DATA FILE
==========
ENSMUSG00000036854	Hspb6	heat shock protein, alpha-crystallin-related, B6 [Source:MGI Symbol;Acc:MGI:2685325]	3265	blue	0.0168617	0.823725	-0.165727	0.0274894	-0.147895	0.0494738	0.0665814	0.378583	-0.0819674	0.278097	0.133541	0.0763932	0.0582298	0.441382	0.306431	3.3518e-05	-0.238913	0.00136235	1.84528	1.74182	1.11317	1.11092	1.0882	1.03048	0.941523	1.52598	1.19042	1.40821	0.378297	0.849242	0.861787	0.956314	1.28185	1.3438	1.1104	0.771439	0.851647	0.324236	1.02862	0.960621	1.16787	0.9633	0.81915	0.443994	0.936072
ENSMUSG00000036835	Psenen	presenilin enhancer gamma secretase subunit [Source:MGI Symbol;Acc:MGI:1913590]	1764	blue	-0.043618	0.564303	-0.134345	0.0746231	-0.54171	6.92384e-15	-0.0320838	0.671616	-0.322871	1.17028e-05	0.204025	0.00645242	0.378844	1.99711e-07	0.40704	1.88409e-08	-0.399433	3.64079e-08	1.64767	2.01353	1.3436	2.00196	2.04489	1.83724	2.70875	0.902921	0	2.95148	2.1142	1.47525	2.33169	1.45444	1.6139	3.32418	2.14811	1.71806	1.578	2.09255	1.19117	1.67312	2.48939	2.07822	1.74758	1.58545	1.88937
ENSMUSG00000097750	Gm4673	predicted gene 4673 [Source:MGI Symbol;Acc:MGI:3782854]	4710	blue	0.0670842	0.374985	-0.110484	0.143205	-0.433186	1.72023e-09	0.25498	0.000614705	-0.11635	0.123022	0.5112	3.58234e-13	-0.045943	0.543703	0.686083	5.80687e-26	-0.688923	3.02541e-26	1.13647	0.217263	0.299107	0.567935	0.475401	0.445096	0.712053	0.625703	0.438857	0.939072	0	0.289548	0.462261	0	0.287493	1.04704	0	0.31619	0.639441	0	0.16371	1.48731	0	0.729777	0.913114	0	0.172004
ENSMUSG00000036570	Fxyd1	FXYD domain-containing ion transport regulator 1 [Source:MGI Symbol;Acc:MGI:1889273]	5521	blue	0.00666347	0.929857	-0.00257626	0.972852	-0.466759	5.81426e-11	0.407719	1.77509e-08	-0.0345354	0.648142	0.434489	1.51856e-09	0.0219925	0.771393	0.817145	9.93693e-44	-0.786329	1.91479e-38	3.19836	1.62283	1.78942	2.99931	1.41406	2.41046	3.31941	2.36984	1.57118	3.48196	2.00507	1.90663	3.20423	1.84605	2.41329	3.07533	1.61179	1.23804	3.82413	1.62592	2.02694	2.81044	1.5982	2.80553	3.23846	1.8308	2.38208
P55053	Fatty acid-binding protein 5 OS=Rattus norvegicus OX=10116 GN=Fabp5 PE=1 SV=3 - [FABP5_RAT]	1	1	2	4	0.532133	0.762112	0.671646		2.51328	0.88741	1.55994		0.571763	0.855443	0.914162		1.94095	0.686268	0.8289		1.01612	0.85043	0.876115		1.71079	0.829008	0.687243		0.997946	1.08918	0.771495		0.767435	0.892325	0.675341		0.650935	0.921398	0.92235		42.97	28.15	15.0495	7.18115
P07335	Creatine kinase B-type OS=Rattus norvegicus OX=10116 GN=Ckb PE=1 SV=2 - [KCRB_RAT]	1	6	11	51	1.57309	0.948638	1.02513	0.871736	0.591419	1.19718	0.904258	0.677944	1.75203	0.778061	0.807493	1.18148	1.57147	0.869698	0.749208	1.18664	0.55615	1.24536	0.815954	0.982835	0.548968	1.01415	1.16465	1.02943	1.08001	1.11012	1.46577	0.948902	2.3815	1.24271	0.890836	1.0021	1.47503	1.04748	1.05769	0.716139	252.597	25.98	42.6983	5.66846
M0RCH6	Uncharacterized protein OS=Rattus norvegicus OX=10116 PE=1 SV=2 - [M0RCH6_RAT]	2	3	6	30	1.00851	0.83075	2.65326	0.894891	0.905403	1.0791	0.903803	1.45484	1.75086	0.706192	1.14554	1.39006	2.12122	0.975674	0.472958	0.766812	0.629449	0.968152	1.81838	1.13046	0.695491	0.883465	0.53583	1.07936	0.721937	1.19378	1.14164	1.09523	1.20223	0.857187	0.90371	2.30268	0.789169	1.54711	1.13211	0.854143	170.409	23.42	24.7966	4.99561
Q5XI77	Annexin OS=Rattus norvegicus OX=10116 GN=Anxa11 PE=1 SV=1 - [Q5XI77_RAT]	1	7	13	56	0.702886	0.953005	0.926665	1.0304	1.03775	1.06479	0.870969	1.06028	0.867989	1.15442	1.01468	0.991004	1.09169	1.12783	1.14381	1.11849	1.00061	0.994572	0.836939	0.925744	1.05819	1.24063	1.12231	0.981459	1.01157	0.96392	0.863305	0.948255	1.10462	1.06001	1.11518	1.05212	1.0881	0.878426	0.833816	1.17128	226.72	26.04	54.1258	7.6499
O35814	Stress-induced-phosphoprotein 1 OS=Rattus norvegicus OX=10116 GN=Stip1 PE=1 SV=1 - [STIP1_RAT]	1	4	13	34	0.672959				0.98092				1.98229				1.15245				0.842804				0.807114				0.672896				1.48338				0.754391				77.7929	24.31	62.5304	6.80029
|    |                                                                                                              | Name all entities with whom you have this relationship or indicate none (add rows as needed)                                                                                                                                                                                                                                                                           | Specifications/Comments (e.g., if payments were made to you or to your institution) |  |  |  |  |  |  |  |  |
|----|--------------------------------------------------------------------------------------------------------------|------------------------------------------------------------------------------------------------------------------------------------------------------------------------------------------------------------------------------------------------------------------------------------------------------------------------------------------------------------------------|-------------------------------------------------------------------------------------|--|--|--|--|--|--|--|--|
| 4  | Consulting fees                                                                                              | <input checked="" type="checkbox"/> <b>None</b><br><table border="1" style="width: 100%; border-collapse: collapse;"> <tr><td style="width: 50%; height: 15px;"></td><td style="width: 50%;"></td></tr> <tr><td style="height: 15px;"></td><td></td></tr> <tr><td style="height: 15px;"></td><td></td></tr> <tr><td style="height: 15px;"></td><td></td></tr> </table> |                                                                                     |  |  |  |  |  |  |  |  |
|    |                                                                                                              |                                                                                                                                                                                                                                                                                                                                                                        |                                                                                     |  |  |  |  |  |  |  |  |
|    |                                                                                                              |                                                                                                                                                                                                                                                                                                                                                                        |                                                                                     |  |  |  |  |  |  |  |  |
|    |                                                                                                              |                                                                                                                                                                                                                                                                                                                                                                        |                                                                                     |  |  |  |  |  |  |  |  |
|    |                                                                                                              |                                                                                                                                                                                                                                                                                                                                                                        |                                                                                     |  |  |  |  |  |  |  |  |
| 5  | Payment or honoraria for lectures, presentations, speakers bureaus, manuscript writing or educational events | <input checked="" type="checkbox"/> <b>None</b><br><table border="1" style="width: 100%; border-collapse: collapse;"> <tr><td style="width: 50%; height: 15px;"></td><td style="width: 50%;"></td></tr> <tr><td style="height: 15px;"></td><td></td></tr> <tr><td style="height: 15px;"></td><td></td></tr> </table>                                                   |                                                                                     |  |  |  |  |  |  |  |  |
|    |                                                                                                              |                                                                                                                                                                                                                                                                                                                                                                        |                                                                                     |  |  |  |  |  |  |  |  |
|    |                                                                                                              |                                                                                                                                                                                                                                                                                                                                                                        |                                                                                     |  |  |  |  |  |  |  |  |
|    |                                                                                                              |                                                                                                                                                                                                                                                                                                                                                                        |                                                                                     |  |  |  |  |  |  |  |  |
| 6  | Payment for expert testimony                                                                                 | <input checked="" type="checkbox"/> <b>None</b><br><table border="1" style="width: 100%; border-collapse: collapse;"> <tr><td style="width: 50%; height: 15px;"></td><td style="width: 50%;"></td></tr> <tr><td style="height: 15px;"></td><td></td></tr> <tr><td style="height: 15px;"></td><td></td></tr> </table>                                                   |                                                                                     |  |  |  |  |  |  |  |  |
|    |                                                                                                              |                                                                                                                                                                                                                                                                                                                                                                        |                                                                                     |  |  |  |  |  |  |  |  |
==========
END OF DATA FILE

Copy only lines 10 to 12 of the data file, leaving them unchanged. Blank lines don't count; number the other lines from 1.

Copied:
|    |                                                                                                              | Name all entities with whom you have this relationship or indicate none (add rows as needed)                                                                                                                                                                                                                                                                           | Specifications/Comments (e.g., if payments were made to you or to your institution) |  |  |  |  |  |  |  |  |
|----|--------------------------------------------------------------------------------------------------------------|------------------------------------------------------------------------------------------------------------------------------------------------------------------------------------------------------------------------------------------------------------------------------------------------------------------------------------------------------------------------|-------------------------------------------------------------------------------------|--|--|--|--|--|--|--|--|
| 4  | Consulting fees                                                                                              | <input checked="" type="checkbox"/> <b>None</b><br><table border="1" style="width: 100%; border-collapse: collapse;"> <tr><td style="width: 50%; height: 15px;"></td><td style="width: 50%;"></td></tr> <tr><td style="height: 15px;"></td><td></td></tr> <tr><td style="height: 15px;"></td><td></td></tr> <tr><td style="height: 15px;"></td><td></td></tr> </table> |                                                                                     |  |  |  |  |  |  |  |  |